ERIC Number: ED382832
Record Type: RIE
Publication Date: 1995
The Effects of Change in Vocational, Technical, and Occupational Education on the Teaching of Culinary Arts in America.
VanLandingham, Paul G.
Vocational education and culinary arts have gained a new respect. Since the mid-1970s, the status of culinary artists (cooks and chefs) has changed from domestic to professional. This change and the many changes in food technology have brought about a heightened awareness of the need for better training for culinary professionals. Improved communication between education and industry have provided students with skills more suited to meet the needs of the job market. The United States is regarded as the leader in the field of culinary arts due to the development of vocational facilities, developments in the areas of food science and agricultural methods, and more refined techniques for the presentation of materials. Use of a competency-based curriculum allows teachers to assess each student's capabilities. Students at Johnson and Wales University (J&W), Rhode Island, are developing electronic portfolios used by employers recruiting on campus. These portfolios describe the competencies of each student that will link him or her with jobs appropriate for the skill levels the student possesses. Evolution in vocational culinary education has prompted the development of new programs. J&W has begun a four-year bachelor of science in culinary arts, the first of its kind in the United States. Faculties working in this field will require higher credentials. J&W is on the verge of linking branch campuses by two-way interactive television to compensate for a shortage of trained faculty. (YLB)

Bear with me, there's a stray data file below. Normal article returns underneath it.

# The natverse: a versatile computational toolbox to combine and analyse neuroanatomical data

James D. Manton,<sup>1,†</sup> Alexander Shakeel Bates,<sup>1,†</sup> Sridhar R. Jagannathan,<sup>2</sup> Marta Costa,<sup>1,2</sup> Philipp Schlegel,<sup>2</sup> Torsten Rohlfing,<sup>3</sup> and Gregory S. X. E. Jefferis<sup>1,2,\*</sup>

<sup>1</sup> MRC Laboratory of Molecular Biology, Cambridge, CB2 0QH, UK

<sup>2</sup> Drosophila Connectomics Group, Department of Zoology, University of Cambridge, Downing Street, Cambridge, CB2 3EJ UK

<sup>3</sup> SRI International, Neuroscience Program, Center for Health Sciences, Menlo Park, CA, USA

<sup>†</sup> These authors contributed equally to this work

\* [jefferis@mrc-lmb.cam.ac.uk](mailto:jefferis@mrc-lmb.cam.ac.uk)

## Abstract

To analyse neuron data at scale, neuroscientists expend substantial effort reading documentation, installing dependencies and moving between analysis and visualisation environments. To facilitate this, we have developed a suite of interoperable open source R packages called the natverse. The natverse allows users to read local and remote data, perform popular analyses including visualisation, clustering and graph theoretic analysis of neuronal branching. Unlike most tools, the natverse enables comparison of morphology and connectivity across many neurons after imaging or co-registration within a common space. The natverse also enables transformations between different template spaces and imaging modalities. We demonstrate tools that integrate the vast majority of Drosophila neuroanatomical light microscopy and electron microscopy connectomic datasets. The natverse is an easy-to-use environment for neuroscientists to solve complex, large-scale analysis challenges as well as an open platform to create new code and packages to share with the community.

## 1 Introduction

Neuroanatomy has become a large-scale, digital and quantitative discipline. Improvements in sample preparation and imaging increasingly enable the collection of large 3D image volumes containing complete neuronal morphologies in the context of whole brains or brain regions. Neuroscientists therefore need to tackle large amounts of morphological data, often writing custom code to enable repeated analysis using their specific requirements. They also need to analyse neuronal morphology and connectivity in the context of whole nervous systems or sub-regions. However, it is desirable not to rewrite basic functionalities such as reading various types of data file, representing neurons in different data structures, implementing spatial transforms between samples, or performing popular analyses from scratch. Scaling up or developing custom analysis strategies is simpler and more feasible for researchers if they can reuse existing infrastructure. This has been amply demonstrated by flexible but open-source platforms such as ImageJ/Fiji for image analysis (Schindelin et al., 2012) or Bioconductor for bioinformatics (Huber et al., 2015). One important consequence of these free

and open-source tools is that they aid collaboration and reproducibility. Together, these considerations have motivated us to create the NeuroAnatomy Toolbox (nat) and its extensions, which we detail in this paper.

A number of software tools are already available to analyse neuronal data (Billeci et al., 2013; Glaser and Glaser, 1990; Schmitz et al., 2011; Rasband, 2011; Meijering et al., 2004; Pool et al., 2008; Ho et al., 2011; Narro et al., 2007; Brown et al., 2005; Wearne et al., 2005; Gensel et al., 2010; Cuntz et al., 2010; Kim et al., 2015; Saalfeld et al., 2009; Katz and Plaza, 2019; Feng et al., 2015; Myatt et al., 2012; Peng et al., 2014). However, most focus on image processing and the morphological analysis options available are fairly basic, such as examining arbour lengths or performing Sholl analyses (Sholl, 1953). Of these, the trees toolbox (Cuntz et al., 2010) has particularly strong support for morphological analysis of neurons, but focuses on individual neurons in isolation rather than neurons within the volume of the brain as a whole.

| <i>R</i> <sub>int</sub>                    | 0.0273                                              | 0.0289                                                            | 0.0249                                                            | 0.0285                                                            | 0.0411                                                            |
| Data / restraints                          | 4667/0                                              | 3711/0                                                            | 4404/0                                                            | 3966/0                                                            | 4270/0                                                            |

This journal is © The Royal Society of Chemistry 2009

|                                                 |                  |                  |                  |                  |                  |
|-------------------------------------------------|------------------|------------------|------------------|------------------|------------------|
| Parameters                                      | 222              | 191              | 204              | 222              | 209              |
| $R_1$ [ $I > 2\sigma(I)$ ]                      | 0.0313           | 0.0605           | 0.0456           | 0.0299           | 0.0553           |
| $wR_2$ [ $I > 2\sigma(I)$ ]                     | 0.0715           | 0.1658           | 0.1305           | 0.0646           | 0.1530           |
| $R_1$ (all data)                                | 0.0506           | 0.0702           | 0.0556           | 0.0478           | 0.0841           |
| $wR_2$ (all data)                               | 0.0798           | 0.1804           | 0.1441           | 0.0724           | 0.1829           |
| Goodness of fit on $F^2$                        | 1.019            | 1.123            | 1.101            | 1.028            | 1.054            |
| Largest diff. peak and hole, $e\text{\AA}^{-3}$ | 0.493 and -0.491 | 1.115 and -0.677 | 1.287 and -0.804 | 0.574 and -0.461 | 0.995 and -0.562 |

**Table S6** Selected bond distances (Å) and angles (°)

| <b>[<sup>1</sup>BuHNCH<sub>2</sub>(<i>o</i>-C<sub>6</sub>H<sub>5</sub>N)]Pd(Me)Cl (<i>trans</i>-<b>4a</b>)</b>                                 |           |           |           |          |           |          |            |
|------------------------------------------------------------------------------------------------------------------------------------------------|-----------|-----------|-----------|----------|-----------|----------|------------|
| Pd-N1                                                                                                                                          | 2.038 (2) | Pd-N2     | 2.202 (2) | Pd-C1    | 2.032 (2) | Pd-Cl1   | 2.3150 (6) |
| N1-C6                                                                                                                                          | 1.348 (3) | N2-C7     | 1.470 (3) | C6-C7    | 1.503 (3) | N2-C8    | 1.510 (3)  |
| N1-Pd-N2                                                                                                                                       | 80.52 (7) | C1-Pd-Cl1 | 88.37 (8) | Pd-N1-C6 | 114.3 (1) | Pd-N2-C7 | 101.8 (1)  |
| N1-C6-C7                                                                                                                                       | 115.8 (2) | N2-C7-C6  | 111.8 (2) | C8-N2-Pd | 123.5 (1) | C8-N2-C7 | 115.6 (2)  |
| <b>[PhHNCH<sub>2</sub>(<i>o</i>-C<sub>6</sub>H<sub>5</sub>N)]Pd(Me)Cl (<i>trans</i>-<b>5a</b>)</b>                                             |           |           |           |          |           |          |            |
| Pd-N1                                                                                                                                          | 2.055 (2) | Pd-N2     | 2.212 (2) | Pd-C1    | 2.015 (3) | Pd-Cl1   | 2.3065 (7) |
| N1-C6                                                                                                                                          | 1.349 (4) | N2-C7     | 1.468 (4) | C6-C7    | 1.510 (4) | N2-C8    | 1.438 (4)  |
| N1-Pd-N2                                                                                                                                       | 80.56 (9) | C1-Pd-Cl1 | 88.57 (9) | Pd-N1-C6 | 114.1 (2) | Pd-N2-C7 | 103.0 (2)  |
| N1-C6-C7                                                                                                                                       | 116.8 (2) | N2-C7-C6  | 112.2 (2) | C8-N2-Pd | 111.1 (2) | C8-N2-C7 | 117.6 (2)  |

Publication Type: Information Analyses
Education Level: N/A
Authoring Institution: N/A